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Feds Drop Opposition To Restriction On Sales Of Morning-After Pill


From NPR News, this is ALL THINGS CONSIDERED. I'm Audie Cornish.


And I'm Melissa Block. The morning-after pill will soon be available - without a prescription - on pharmacy shelves, with no restrictions on age. That's because the Obama administration has dropped a long-running battle to keep age restrictions on emergency contraception. NPR's Julie Rovner joins me to explain this policy change. And Julie, this was an unexpected development. It came tonight. What happened?

JULIE ROVNER, BYLINE: Well, the administration, I guess, decided that it just was in a legal situation from which it could not extricate itself. This really started in May, when a judge ordered - actually - the Food and Drug Administration to make the morning-after pill available without age restriction, on pharmacy shelves. That would've - obviously - been a big change in policy.

The administration decided that it wanted to appeal. And normally, when the administration - when anyone appeals, they go to the judge; and they ask for a stay - for that no change in policy - while the appeal is being heard. The judge in this case, who was very angry at the administration for having dragged its feet over this - this basically had been going on for 10 years - denied that stay. He said no, I want you to do this now. And so the administration then went to the Court of Appeals and said OK, the judge wouldn't give us this stay. Will you, the Court of Appeals, give us the stay? And normally, that's fairly routine.

Well, last week, in a big surprise, the Court of Appeals says no, we're not going to give you the stay, either. They said, and this was a little bit confusing, that in one case - for the one-pill version of the emergency contraceptive pill, they could have the stay; that that wouldn't be allowed to happen yet. But for the two pill, the older version of the emergency contraceptive pill, that would have to be made available immediately, without age restriction, on the pharmacy shelves.

The administration basically didn't have a lot of options left, except basically to go to the Supreme Court to ask Judge Ruth Bader Ginsburg, who's the Supreme Court justice in charge of this circuit. And I think they decided they didn't want to do that. And basically, they said they're not going to appeal at all; they're dropping the entire appeal. So that will basically make all versions of emergency contraceptive available, with no age restrictions, on pharmacy shelves. So they're basically giving up their entire fight.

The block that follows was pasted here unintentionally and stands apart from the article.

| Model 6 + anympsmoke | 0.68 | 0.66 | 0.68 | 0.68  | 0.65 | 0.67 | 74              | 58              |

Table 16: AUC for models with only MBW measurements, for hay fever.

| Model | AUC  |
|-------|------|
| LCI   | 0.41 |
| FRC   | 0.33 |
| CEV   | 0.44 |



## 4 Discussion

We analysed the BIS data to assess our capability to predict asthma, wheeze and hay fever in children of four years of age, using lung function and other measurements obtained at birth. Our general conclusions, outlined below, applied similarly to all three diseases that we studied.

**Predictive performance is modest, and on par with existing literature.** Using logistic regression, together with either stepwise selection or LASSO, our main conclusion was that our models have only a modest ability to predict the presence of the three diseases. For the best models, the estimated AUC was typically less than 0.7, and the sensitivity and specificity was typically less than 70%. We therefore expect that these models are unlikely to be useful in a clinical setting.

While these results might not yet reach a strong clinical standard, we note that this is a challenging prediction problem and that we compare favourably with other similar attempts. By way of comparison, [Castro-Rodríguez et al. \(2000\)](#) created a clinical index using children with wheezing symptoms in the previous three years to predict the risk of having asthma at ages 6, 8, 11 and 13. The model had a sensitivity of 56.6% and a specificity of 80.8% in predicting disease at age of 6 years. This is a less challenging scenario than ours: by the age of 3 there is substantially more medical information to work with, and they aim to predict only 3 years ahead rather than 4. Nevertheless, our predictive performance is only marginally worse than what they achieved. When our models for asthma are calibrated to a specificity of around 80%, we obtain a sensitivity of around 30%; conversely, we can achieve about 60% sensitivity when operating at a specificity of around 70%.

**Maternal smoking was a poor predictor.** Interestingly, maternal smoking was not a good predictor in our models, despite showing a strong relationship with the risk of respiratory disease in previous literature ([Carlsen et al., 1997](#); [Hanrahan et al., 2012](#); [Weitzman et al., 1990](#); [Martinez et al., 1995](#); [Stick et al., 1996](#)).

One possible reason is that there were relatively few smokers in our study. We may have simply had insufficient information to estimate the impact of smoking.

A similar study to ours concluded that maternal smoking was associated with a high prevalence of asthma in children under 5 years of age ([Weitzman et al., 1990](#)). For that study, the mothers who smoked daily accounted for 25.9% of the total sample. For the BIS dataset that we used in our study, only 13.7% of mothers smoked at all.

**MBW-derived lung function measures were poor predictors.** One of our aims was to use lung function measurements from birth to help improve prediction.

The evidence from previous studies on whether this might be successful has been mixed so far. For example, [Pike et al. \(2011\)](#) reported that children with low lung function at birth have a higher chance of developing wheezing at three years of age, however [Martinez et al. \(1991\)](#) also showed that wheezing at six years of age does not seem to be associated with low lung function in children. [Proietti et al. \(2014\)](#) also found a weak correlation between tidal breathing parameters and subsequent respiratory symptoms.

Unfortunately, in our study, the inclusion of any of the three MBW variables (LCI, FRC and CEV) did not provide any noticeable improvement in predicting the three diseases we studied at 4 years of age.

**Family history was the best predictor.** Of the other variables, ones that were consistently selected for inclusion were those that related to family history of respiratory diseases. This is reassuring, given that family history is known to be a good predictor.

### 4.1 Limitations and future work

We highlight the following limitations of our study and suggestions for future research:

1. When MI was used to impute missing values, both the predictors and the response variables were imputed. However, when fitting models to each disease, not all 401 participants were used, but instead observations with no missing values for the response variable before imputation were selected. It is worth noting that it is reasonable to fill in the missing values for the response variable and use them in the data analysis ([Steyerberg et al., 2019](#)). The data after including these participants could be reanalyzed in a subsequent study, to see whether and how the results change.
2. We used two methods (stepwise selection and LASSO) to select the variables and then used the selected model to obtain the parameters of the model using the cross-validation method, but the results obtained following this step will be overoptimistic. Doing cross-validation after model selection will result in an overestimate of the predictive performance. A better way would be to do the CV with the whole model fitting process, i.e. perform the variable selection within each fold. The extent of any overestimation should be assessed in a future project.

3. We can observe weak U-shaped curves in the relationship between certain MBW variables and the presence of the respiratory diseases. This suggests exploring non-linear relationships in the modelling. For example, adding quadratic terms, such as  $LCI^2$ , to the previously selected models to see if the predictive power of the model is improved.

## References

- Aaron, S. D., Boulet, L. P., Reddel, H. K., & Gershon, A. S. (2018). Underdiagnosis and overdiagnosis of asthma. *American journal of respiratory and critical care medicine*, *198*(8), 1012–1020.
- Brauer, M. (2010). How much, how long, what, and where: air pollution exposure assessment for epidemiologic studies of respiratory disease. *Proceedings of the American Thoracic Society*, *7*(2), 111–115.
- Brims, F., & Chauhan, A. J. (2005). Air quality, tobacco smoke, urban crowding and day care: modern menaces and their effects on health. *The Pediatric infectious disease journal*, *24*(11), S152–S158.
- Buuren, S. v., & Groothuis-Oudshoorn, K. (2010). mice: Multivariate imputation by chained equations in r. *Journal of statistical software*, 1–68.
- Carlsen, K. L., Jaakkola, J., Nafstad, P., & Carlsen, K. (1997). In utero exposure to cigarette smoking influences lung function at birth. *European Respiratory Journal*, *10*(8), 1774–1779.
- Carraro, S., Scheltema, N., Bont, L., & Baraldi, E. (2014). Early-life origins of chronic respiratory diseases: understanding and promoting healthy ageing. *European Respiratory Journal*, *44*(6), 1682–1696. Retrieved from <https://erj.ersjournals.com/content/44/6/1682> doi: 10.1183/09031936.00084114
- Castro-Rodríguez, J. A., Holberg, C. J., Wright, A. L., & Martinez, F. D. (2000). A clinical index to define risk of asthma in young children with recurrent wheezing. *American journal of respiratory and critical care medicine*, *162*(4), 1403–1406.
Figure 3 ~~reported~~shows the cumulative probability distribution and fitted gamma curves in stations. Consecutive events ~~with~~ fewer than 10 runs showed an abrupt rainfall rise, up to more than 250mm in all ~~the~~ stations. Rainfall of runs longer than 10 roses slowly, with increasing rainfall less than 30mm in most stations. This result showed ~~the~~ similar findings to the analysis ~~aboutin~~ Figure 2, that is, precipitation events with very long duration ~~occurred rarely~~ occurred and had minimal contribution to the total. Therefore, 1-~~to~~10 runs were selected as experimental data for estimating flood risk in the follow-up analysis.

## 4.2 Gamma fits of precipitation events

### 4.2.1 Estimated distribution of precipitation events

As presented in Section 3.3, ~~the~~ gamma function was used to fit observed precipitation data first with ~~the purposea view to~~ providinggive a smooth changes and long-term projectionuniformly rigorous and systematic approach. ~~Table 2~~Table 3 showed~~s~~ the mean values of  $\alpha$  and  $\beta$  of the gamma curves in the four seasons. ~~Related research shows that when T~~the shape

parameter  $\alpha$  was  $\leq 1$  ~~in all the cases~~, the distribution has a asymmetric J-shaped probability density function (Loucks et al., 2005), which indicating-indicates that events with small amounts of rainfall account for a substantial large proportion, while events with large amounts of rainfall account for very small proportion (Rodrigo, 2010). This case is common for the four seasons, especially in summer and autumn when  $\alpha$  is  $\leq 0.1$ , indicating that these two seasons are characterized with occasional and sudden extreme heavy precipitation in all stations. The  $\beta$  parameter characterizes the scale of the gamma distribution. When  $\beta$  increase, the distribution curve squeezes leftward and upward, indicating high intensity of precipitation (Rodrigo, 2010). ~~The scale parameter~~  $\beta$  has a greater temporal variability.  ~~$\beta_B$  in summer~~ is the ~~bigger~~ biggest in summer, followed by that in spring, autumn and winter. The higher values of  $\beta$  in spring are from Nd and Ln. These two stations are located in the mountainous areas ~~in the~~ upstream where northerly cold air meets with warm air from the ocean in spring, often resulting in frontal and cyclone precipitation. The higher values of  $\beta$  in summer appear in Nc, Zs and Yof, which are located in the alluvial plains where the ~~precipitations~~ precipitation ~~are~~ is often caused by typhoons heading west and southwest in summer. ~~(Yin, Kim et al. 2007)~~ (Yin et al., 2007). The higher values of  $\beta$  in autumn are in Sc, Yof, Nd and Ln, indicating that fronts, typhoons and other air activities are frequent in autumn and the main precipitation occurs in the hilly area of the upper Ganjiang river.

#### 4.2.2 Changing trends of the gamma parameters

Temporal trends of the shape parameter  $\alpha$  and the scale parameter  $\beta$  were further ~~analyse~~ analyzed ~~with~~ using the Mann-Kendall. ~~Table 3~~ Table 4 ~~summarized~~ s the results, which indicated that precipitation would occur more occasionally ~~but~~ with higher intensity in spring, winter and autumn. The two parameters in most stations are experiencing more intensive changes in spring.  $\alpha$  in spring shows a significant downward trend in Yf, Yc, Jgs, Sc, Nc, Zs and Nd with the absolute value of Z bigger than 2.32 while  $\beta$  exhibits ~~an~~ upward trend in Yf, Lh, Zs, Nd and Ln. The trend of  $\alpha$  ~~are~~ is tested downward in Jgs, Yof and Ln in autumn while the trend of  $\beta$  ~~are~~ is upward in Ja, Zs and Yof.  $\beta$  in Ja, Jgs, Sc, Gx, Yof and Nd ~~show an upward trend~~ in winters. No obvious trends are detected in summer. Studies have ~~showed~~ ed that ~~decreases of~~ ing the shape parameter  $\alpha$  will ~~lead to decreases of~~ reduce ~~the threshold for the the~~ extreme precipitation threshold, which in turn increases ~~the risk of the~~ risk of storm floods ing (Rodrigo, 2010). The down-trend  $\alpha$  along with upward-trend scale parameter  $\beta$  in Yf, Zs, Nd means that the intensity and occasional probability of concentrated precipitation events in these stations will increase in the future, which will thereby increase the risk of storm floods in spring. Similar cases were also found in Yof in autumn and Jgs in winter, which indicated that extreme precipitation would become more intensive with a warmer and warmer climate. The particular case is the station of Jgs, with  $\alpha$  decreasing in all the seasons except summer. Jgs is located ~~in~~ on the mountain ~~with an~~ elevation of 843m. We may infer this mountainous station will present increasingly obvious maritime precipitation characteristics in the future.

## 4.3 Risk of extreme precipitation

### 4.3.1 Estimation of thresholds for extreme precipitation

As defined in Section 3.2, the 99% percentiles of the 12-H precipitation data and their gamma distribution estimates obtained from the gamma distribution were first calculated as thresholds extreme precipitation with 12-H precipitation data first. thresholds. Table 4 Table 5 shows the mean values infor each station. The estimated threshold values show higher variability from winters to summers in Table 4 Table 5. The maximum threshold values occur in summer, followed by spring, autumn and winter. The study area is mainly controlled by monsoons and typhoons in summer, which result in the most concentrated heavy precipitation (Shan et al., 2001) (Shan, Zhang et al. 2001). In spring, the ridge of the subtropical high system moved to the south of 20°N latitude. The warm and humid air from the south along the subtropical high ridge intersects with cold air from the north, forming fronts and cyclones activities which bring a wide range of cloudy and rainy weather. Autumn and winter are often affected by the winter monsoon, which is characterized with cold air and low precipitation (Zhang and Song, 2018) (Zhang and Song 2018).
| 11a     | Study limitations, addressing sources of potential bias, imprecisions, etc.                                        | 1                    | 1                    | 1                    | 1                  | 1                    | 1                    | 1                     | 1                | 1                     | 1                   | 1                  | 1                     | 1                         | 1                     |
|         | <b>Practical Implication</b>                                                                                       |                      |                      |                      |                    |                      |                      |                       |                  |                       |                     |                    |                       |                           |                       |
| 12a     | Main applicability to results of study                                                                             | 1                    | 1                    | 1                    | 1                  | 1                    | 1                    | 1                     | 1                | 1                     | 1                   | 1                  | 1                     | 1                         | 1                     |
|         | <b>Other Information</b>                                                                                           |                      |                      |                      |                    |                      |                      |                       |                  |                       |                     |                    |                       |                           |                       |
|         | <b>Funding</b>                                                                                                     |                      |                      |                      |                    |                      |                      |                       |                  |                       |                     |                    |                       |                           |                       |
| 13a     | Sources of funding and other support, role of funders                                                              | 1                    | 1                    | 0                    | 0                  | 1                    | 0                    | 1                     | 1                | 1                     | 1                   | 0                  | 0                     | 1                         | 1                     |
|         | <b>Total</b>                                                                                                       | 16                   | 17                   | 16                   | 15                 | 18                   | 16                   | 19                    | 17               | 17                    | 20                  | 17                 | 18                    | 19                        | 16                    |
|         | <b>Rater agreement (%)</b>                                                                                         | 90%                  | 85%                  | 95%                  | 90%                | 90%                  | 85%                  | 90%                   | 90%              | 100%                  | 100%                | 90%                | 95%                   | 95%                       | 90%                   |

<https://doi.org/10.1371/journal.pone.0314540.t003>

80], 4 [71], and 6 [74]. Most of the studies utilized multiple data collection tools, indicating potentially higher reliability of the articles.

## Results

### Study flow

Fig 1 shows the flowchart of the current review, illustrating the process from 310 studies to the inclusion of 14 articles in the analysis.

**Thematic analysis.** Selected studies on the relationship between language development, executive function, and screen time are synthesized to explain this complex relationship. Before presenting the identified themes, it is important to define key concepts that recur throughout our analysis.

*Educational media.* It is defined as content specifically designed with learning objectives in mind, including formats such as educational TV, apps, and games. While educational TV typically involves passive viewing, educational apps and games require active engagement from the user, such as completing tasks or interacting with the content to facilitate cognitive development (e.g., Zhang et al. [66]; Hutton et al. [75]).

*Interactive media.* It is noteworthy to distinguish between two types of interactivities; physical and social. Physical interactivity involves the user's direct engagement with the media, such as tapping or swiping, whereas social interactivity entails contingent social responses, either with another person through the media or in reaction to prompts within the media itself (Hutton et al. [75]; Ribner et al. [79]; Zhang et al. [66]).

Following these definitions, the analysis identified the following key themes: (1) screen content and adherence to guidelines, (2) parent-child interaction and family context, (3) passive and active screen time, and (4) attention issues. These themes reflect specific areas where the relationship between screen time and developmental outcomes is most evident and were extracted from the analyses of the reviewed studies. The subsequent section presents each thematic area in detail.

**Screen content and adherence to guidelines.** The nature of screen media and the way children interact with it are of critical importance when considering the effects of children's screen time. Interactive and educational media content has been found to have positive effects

BLOCK: And what does that mean for women patients then?

ROVNER: Basically, it will mean - and this will not happen right away - what the government is saying is that the company that makes the one-pill version of this is going to have to put in a new application that the FDA, they say, will approve without delay. But eventually - apparently, very soon - all versions of emergency contraception will be available, no longer behind the counter. That was a problem because women used to have to go and ask for it and show ID, even if they were over a certain age.

It was - it had been split; that if you were under age 17, you needed a prescription. If you were over that, you didn't. Now, no one will need a prescription. No one will need to show ID. Everyone will be able to get it over the counter without a prescription as, indeed, two FDA advisory committees recommended was safe, back in 2003.

BLOCK: Any reaction yet, Julie, from opponents of this policy?

ROVNER: No. This has, literally, just happened in the last hour. I don't think there's been enough time, really, for anybody to react. I'm starting to see maybe the first one or two press releases trickling in. But I think this was really not what anybody expected to happen. The government has said they were going to appeal. The briefs, and the appeal, were not even due for another couple of months. So everybody expected that this was going to, you know, really drag on again for at least another several months. So I think this is going to come as a big surprise to everybody, really, starting tomorrow.

BLOCK: OK. That's NPR health policy correspondent Julie Rovner, with the news that the Obama administration is dropping its fight to keep age restrictions on emergency contraception. Julie, thanks.

ROVNER: Thank you.

(SOUNDBITE OF MUSIC) Transcript provided by NPR, Copyright NPR.

As special correspondent and guest host of NPR's news programs, Melissa Block brings her signature combination of warmth and incisive reporting. Her work over the decades has earned her journalism's highest honors, and has made her one of NPR's most familiar and beloved voices.
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